AZUZ: Authorities in northeastern Australia are trying to get a sense of the destruction from Cyclone Debbie. The system made landfall early on Tuesday. It was capable of devastating damage and Debbie had gotten stronger as it approached land. Wind speeds of up to 150 miles per hour, a storm surge, a rise in the sea level of more than 13 feet was possible.
Thousands of people in the Australian state of Queensland had been ordered to leave their homes. Police warned that they could not shelter from a storm surge.
Queensland's premier said the cyclone would be nasty, that it was capable of being as severe as the last major storm to hit the area. Cyclone Yasi knocked home off their foundations and destroyed farmland back in 2011.
Debbie was also expected to have particularly bad timing. Our affiliate 7 News said its landfall would coincide with the high tide, threatening homes anywhere near the coasts. Schools were closed, emergency workers were deployed to the region as the equivalent of a category 3 hurricane approach.
SUBTITLE: Typhoons vs. hurricanes: What's the difference?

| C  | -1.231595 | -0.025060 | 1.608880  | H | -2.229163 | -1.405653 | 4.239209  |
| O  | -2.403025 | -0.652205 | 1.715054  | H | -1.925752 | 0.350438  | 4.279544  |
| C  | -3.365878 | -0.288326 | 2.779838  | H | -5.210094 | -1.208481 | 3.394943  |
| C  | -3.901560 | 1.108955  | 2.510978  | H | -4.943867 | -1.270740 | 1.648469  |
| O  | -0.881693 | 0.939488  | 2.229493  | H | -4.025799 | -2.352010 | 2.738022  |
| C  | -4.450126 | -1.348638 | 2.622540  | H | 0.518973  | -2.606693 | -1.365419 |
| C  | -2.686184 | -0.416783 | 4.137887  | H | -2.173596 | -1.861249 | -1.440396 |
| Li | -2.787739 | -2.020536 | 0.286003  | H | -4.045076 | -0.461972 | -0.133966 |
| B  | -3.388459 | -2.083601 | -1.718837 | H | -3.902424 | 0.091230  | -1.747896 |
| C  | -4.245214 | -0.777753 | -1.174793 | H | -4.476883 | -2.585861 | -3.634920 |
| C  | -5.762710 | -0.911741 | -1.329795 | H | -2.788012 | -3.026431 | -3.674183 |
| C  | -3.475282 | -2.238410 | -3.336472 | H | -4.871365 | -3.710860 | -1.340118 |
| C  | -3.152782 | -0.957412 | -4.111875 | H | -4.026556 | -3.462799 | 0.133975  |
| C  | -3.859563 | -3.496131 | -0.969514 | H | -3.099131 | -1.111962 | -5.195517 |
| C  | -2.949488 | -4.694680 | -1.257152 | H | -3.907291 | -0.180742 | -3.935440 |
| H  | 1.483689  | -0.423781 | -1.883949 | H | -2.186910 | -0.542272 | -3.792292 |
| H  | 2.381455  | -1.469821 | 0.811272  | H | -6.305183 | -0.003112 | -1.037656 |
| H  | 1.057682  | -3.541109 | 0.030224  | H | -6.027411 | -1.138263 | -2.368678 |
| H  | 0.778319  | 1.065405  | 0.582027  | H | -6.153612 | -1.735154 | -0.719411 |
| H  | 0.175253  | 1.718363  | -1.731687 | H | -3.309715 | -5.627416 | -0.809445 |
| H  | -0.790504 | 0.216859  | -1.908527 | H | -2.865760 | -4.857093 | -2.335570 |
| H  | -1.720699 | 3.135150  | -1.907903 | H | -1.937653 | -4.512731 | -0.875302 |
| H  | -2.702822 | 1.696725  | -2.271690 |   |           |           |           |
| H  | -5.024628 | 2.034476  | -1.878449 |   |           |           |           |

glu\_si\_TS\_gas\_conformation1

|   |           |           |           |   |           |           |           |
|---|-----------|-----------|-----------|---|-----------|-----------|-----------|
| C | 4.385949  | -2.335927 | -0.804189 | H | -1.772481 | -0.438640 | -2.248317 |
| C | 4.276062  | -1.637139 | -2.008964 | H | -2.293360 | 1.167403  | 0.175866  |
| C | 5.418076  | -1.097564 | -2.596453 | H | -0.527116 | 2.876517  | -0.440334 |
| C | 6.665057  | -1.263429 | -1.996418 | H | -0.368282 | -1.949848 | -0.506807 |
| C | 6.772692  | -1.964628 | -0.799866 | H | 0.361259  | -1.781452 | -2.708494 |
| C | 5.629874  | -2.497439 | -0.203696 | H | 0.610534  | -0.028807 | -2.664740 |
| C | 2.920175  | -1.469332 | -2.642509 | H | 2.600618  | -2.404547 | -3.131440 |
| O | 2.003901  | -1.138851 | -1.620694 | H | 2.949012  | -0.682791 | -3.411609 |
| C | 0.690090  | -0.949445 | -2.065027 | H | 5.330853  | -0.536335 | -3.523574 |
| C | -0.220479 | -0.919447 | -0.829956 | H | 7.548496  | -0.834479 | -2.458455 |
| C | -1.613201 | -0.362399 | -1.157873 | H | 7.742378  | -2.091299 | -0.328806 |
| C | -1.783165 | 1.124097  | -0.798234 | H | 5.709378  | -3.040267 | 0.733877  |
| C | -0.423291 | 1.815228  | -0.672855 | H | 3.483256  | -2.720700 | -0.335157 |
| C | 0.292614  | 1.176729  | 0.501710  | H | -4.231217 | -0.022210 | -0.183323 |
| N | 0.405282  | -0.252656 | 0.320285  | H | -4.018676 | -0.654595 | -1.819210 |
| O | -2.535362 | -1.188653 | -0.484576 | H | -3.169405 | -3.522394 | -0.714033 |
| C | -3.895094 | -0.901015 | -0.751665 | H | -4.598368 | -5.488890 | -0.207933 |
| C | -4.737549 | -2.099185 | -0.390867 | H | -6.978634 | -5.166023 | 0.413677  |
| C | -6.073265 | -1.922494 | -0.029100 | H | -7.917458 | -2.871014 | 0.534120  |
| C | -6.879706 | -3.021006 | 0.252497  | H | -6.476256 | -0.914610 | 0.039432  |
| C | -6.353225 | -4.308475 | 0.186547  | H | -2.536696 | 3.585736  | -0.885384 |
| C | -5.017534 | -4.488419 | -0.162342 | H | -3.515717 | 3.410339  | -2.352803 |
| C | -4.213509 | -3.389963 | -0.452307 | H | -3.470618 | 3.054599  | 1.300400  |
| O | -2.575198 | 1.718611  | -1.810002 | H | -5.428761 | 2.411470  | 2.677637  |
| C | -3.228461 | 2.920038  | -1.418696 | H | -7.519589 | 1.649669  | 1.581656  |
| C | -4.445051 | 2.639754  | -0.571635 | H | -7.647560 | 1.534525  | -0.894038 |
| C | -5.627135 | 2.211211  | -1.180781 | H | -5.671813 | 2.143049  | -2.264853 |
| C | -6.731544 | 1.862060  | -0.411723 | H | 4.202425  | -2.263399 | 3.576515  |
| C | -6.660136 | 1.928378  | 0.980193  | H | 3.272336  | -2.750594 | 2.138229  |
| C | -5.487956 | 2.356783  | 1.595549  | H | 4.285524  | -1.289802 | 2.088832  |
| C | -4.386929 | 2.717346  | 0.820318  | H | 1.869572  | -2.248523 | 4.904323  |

MYERS: Typhoons are hurricanes, are cyclones. They are the same thing, just in different oceans. A lot like a hot cake is a flap jack is a pancake is short stack.
If you are west of the dateline, so west of Hawaii, north of the equator, you're a typhoon. If you're in the Atlantic or the Pacific, around America, you are a hurricane. And if you are around the Indian Ocean or in the southern hemisphere, you're a cyclone.
So, it's not out of the question for a hurricane to become a typhoon if it moves over the dateline. In fact, after crossing the international dateline, Hurricane Genevieve turned into Typhoon Genevieve a few years ago.